Monthly Archives: November 2012

Turning Green Again

Here in the Central Valley of California, we kind of have two seasons, rather than four. Wet and dry, summer and winter. That’s a bit of an exaggeration, but our autumn only lasts about a month (if we’re lucky), and spring lasts about two weeks. In between are a short, mild winter, in good years full of gentle rain and fog; and the long, hot (but dry) summer. Where I live, outside of Sacramento, the nights are cool, and that’s what makes our summers tolerable.

First Green of Fall ©2012 Stephanie Benedict.
The grasses beneath the oak trees are greening up after recent rains. In the distance: the fiery red of the alders across the street. The native oaks are less showy.

In summer, all the plants dry out and hunker down. That’s because we only get about 18 inches of rain each year here in the Valley, most of it between November and March. “California’s Gold,” the color of the dried grasses in non-irrigated areas, is the result of annual grasses brought by European settles in the 1700s and 1800s, which out-competed the native perennials that stayed greener longer.

But then each fall*, we get this phenomenon of the hillsides and dales—all the non-irrigated areas—turning green again with the first rains. Acid green, brilliant green, green that hurts your eyes. Green you want to soak up and keep all year.

I went walking to my favorite local park/nature preserve the Saturday after Thanksgiving, and found the grasses are coming up green again. We’ve had two to three inches of rain so far this season, and all those annual grasses are coming to life again. They start under the oak trees and in the swales, then spread across the fields. The photo above shows what it looked like. In the middle of the picture, you can see in the background the brilliant red of alder trees in the landscaped development across the street.

I did a little painting of the same effect last year, called “Fall’s First Green.” Sometimes I feel like a documentary painter! But this is why I paint: to reveal the land around us, specific times and places, to help us remember there’s more to life than the latest tablet computer or Black Friday sale. Today’s walk made me want to do another one. But I’d better hurry: the effect won’t last.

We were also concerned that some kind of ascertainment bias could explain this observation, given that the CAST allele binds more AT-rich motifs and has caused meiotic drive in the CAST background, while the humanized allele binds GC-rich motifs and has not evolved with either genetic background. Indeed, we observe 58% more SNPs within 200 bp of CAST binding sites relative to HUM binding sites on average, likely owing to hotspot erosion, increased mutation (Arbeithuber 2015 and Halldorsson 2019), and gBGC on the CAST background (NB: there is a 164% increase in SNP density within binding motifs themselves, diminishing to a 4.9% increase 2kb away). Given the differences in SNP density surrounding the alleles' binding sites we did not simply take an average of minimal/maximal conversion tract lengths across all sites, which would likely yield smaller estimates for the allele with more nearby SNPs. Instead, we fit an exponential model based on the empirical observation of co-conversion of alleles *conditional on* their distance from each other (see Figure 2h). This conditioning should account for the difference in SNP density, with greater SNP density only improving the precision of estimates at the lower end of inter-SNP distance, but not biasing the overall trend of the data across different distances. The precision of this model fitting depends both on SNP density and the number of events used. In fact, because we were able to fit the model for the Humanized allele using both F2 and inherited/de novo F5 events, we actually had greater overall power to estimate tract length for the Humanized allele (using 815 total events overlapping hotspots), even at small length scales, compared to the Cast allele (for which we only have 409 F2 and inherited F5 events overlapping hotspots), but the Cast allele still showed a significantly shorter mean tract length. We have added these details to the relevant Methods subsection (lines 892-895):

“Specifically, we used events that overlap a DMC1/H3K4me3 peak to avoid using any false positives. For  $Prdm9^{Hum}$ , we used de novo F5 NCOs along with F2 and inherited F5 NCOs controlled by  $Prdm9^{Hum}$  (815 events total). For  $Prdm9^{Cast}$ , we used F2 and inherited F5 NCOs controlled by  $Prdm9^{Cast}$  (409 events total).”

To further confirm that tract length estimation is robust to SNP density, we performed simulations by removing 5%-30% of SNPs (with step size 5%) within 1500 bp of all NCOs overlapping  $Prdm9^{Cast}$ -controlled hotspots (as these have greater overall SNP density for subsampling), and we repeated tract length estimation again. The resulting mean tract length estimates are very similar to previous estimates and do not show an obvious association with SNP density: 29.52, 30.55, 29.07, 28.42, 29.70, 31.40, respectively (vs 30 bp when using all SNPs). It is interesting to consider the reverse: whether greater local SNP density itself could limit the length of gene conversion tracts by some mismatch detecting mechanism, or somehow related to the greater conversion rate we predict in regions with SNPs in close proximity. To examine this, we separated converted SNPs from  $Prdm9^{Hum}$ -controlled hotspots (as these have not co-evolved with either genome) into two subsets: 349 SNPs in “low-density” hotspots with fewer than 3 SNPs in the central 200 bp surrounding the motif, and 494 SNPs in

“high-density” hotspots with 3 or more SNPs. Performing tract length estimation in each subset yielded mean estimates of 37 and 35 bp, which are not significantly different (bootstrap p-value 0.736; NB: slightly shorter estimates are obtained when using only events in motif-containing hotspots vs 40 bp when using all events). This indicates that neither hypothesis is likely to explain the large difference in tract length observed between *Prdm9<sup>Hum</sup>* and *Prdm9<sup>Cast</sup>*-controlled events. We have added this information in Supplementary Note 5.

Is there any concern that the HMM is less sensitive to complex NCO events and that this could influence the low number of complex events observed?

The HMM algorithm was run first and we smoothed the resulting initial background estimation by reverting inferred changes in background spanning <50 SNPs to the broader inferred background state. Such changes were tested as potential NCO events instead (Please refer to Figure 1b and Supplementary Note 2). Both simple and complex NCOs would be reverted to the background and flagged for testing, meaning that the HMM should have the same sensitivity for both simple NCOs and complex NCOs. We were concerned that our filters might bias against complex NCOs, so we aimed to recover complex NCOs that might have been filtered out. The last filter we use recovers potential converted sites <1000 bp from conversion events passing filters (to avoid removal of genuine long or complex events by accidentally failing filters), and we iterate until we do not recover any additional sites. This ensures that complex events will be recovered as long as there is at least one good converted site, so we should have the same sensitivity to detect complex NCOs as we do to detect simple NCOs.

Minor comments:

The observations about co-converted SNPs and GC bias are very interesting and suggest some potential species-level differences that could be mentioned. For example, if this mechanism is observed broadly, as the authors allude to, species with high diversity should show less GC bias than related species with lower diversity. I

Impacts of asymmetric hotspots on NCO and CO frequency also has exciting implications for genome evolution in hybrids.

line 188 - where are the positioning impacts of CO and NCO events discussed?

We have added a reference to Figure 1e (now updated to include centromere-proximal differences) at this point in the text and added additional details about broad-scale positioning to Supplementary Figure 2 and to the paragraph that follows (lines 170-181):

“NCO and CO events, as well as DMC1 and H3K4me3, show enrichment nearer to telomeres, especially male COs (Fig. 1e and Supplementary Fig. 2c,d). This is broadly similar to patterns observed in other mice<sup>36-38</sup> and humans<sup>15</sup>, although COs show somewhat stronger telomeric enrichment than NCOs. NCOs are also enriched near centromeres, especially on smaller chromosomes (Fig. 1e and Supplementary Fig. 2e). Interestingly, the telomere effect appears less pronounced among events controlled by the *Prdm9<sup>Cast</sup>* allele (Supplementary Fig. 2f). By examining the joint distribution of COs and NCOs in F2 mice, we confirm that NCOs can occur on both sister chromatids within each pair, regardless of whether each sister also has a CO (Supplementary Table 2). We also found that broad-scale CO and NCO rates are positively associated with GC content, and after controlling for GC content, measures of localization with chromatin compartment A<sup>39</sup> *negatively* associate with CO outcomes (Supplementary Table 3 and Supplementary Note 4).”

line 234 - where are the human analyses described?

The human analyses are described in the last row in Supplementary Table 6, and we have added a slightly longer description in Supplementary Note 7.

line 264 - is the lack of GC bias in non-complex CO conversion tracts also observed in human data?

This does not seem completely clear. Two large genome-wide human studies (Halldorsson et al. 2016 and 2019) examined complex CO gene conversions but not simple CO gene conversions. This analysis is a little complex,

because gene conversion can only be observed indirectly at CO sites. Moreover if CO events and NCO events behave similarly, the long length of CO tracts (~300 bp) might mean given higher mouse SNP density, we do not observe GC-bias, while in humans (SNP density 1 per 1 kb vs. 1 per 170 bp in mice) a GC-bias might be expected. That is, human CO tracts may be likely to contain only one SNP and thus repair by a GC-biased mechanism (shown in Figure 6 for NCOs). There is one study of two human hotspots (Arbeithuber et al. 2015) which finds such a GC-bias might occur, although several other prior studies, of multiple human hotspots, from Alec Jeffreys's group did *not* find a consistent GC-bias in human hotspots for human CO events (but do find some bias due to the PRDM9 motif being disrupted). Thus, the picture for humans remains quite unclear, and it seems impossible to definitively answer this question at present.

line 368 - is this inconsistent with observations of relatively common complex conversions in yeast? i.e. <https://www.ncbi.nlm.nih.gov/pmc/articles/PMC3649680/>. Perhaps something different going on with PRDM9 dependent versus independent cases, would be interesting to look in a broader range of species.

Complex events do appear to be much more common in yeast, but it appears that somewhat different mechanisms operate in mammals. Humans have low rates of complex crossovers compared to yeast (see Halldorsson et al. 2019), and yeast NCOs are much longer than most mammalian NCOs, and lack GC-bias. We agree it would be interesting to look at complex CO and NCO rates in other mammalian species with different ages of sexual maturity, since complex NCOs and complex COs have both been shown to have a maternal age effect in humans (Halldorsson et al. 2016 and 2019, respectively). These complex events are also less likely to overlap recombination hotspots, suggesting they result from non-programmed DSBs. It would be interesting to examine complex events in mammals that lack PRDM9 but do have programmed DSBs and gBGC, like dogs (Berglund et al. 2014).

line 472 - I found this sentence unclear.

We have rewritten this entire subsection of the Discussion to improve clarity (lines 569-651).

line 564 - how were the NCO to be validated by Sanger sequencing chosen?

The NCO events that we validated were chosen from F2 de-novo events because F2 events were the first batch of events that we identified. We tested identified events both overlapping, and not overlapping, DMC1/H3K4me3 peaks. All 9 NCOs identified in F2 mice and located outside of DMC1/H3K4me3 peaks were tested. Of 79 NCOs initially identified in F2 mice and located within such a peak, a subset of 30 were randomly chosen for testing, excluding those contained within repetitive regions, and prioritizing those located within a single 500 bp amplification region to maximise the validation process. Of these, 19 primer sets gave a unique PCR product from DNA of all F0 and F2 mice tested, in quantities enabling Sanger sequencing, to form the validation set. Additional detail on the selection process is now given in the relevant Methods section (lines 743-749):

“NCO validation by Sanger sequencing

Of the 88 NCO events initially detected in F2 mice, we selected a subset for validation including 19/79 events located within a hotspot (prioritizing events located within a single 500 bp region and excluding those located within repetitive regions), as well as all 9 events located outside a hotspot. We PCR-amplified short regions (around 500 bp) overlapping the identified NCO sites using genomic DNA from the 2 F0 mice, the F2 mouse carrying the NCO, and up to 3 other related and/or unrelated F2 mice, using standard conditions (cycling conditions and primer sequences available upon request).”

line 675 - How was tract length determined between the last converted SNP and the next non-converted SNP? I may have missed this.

Fall's First Green, by Stephanie Benedict
Fall’s First Green ©2011 Stephanie Benedict. Oil on panel. 4 inches by 6 inches

Is it fall where you are—or is it spring? What’s your favorite season?

*Assuming it rains. Last year we got very little rain or snow in the mountains. Keep your fingers crossed.


Working on a Toned Ground

Here’s a trick I learned from Kathleen Dunphy: I tone my canvas yellow before I paint on it.

Many artists over time have worked on toned grounds. (The “ground” is the surface one paints on.) The white of a bare canvas is just too intimidating or too harsh, so painters tone the canvas with a thin layer of color.

Pine Tree Study by Stephanie Benedict
A plein-air study of two pine trees in snow. The right-hand side shows the yellow-toned ground. I toned this panel with a thin layer of gesso tinted with Hansa yellow medium acrylic paint.

A Modern Approach

The traditional color for toning canvas is raw sienna, which will give the canvas a warm, slightly orange-y color. I’ve tried that, and it’s OK. Others use burnt umber or red or a mixture of colors.

After I began studying with Dunphy in 2008, I explored a number of options: raw sienna, quinacridone burnt orange (which is like raw sienna only brighter), neutral gray, burnt umber. Eventually I came to agree with Kathleen: I like yellow the best. So now I tone all my canvases with a pale wash of cadmium yellow light or Hansa yellow before I paint.